It was conjectured by Range-doubters that range, while it works well with 100% honest voters, and also well with 100% strategic voters, might not work so well with a mixture of the two. The problem would be if (say) more Bush than Gore voters were strategic, leading to a huge advantage for Bush.
In the computer simulation experiments below we employed a 50-50 honest-strategic voter mix (a composition that seems approximately realistic based on our polling studies) in which each voter chose whether to be honest or strategic by flipping a coin. Note: it then is entirely possible in each election for Bush (or Gore) to get more strategic voters, and since the number of voters in each election below was only 61 (not huge) such an imbalance was in fact highly probable and typical and must have hurtfully impacted range's Bayesian regret numbers.
As Kevin Venzke put it:
If I don't want to assume that voters will courteously vote sincerely (even when this limits their power to affect the results), then I wouldn't use Range, as the result will be rather randomly skewed based on who chose to exaggerate and who didn't.
So – what happens? Answer: despite these circumstances, Range still kicks the butt of all the other ≈50 voting methods available in our computer sim package IEVS 2.53, getting the lowest Bayesian regret scores. In particular, Range is superior to Approval voting (in which all voters are "forced" by the rules to be strategic, even if they want to be honest), i.e. what Venzke called "random skewing" actually helped, not hurt.
Here is a typical run trying 29999 elections:
|Voting Method||Regret||#Agreements with (true-utility-based) Condorcet Winner (when CW exists)|
and now, just to make things ultra-clear, let's do a run with 13-voter elections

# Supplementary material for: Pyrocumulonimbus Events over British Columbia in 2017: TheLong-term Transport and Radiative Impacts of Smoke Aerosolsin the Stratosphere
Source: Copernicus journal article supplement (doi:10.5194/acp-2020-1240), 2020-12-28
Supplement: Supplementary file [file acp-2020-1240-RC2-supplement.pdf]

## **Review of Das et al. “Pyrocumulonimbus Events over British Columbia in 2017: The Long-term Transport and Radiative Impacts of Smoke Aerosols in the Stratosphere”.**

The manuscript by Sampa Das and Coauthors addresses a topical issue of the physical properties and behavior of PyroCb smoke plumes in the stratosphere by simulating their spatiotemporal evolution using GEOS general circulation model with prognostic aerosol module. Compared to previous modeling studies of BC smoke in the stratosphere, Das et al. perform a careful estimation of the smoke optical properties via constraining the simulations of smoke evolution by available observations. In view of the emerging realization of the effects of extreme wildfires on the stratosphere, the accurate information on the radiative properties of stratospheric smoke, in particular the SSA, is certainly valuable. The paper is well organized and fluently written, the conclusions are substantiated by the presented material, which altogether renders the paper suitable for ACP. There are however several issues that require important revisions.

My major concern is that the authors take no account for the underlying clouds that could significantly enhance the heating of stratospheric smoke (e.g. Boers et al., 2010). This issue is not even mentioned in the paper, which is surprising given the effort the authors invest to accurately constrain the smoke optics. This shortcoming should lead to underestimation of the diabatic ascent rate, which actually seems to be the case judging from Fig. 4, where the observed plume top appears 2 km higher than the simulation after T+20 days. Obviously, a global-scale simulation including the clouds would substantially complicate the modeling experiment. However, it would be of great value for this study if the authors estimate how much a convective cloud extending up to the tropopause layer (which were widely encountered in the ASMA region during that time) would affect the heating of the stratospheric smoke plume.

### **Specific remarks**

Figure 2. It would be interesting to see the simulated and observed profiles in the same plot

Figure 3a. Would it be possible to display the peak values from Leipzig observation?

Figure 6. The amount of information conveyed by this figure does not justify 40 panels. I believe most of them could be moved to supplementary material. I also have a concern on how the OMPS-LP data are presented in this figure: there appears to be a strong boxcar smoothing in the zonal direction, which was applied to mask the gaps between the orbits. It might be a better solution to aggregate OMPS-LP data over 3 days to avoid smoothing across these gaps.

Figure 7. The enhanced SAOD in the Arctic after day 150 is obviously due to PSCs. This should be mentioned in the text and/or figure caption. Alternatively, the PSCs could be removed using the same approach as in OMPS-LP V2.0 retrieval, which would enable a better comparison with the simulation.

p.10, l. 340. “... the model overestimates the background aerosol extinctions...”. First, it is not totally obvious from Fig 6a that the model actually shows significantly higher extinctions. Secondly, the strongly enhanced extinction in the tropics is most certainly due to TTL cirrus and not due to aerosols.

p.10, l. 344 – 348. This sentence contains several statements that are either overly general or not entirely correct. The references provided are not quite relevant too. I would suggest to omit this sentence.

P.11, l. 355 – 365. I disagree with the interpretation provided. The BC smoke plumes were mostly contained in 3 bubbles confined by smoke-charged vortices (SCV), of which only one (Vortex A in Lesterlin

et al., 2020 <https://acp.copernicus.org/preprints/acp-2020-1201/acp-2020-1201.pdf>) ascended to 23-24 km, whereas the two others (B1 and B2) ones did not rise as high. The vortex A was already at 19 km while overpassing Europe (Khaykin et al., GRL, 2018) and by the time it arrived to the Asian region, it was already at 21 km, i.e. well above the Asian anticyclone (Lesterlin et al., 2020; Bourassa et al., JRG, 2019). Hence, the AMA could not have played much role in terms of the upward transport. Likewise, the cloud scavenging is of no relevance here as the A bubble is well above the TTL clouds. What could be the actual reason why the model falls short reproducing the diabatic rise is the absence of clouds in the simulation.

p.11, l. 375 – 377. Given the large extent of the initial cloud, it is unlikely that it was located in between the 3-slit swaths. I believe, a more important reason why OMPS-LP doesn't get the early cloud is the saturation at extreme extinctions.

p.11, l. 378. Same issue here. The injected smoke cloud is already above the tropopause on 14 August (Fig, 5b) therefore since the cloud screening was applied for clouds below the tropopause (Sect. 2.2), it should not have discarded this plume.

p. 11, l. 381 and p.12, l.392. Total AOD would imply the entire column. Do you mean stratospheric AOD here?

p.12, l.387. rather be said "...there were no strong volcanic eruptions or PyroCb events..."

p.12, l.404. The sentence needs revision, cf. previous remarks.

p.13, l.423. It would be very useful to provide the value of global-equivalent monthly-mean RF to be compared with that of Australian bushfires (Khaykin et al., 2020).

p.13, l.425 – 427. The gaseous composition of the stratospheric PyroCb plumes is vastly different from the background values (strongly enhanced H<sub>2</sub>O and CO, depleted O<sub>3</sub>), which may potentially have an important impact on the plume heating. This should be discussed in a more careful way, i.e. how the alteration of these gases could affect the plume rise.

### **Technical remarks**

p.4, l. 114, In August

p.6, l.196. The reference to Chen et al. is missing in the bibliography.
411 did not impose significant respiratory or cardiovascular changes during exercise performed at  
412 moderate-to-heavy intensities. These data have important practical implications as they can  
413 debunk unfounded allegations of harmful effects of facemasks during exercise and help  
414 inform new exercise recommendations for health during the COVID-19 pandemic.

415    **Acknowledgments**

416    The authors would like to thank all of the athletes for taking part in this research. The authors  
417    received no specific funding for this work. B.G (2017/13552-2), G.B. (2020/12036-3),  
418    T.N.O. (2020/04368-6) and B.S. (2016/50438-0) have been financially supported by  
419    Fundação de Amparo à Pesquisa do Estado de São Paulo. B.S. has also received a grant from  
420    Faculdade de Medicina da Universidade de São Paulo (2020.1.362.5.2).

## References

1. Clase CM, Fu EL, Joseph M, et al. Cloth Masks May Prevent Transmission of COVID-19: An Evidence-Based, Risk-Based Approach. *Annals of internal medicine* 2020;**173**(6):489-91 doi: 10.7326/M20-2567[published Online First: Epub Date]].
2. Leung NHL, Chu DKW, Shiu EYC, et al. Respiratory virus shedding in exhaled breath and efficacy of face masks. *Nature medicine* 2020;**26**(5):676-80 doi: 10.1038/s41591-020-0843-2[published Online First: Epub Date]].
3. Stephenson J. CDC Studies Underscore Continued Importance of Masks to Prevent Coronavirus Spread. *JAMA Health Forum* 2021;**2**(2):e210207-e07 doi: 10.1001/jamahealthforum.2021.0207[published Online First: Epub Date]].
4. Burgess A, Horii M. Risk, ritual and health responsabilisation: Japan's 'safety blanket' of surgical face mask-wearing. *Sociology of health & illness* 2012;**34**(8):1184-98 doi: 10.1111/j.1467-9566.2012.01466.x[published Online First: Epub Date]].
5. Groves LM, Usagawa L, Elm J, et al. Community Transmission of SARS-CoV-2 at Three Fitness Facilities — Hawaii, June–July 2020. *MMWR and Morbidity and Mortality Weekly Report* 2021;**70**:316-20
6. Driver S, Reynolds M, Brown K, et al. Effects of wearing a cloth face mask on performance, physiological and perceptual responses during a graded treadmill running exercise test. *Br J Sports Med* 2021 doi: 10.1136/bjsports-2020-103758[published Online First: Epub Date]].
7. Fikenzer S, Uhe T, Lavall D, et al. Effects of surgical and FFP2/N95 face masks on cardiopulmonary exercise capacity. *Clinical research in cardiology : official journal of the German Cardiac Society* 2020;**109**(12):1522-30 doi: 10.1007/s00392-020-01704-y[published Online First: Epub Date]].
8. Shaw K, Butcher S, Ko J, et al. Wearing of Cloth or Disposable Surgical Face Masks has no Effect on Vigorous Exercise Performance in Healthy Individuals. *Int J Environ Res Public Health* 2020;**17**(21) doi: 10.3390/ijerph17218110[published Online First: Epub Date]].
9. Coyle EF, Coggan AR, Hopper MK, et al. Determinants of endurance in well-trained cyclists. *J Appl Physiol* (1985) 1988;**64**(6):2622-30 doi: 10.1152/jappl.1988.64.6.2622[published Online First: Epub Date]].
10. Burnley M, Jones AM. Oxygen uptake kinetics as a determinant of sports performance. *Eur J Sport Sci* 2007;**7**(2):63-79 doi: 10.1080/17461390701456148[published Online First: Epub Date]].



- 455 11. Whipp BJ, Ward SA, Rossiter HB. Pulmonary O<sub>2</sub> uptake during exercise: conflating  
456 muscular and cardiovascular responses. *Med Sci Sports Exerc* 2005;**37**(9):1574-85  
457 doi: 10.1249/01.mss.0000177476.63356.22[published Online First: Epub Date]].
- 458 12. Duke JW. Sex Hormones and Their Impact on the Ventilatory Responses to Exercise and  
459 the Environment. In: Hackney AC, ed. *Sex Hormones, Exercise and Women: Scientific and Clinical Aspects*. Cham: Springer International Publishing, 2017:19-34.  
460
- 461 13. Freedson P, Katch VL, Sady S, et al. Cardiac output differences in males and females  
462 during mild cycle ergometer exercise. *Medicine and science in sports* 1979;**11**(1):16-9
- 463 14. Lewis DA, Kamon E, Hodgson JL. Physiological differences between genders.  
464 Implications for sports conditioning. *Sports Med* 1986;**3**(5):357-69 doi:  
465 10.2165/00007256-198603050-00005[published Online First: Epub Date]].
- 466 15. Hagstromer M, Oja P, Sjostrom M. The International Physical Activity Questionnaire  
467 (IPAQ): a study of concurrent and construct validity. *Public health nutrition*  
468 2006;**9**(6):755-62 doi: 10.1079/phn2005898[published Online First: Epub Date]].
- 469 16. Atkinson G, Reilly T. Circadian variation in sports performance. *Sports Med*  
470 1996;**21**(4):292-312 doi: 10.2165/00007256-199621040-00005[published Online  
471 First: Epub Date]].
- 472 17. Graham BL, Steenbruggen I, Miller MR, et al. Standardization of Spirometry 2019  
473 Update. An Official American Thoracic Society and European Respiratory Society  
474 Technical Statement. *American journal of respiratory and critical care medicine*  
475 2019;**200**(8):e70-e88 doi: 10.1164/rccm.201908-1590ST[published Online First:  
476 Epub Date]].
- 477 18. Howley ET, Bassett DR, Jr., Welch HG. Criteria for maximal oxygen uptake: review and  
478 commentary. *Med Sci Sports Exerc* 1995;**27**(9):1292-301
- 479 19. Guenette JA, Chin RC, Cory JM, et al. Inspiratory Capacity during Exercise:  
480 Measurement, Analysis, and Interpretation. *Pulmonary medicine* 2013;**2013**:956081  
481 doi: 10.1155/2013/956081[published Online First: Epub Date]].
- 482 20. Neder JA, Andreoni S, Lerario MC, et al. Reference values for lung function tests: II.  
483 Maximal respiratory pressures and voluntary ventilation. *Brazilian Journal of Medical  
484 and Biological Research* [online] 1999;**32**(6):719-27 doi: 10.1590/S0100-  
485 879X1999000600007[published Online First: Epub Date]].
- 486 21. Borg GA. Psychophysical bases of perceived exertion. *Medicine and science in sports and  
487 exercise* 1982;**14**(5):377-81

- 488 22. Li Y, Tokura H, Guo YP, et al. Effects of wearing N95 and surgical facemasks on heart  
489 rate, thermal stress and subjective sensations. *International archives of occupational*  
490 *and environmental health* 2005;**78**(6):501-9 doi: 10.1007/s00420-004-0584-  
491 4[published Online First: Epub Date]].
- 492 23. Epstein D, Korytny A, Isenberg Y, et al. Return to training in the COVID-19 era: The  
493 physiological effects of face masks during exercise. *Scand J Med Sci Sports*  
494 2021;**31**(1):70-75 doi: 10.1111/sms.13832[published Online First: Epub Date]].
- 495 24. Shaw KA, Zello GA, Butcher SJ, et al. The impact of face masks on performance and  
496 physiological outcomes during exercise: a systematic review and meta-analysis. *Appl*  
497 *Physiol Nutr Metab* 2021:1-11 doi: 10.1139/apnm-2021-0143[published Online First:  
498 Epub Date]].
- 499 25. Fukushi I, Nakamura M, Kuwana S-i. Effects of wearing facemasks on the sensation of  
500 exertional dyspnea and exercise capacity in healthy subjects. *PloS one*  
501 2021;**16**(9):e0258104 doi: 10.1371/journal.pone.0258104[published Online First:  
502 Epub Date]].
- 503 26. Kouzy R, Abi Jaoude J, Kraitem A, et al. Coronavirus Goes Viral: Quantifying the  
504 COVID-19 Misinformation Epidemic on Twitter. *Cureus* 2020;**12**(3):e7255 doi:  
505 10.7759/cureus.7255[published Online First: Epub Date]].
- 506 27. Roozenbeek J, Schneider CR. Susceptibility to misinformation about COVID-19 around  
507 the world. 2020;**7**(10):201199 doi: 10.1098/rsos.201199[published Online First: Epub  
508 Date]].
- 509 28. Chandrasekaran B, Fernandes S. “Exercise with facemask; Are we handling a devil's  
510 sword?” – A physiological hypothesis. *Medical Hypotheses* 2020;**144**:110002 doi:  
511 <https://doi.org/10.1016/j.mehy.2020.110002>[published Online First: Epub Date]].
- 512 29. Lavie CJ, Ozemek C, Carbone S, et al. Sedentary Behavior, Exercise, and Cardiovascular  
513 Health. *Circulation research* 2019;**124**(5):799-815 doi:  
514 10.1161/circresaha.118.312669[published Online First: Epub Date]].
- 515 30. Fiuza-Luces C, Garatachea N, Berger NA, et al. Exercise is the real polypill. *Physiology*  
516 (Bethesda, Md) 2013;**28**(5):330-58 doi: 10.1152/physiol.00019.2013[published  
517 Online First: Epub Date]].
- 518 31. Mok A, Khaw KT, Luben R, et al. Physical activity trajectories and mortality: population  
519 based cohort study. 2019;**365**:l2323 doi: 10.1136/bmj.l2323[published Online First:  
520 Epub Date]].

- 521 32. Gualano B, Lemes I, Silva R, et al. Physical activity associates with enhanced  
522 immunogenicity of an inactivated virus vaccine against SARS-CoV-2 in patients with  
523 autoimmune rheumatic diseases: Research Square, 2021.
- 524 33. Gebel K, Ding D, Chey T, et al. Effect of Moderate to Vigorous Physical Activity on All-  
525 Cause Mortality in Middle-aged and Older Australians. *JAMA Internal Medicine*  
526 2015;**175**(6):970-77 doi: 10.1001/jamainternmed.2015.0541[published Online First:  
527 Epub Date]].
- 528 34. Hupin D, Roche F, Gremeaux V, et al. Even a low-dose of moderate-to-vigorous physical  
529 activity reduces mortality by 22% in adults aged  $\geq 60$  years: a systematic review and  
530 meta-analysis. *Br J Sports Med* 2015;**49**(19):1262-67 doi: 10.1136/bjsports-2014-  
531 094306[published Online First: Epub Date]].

just to make range really suffer heavily from this effect:
|Voting Method||Regret (50-50)||Regret (100% honest)||#Agreements with (true-utility-based)
Condorcet Winner (when CW exists)
So... the range-doubters look to be just wrong.
Note that Range Voting is at the top of the heap (lowest Bayesian regret) in both these tables, except for
Also note that Range and its variants (Range2Runoff, Approval2Runoff) in these simulations with 50% honest voters actually yield the true-utility-based Condorcet winner more often than any other method, including "Condorcet methods" shown colored. That counterintuitive conclusion was forecast in a different model of strategic voting than the one simulated here. (The one here involves voters who believe a priori that candidate k+1 is far less likely to win than candidate k, and act accordingly to maximize their vote's impact.) This is a very strong reason not to prefer Condorcet voting methods over range – with a 50-50 mix of strategic and honest voters, range actually does their own job better than they do!
Caveats: IEVS 2.53 is still an early version and does not contain a lot of voter strategies and utility generators planned for later IEVS versions and which had been in my old (1999-2000) simulator. In particular, all rank-order voting methods shown here are strict rank-order, i.e. with rank-equalities forbidden in ballots. It has been suggested that variant-methods in which rank-equalities are permitted – especially Condorcet methods based on the "winning votes" concept – would handle strategic voters better. That is probably true. If wv-condorcet strategy were the same as approval-voting (and it definitely is not, but that might be a semi-decent approximate view) then in fact range and wv-Condorcet methods would all exhibit identical Bayesian Regrets with 100% strategic voters, and presumably considerably closer-than-here-shown BRs for a 50-50 mix, although I would expect Range still would have better (i.e. smaller) BRs. Also, in that case, range might no longer be better than Condorcet methods for the purpose of generating honest-voter Condorcet winners in the presence of strategic voters. All this, however, has to be regarded as speculation until more advanced IEVS versions appear that are capable of handling equalities in rank-order votes.
This objection was raised by one of our critics. We respond
Two possible ways to look at it:
Another set of computer sims
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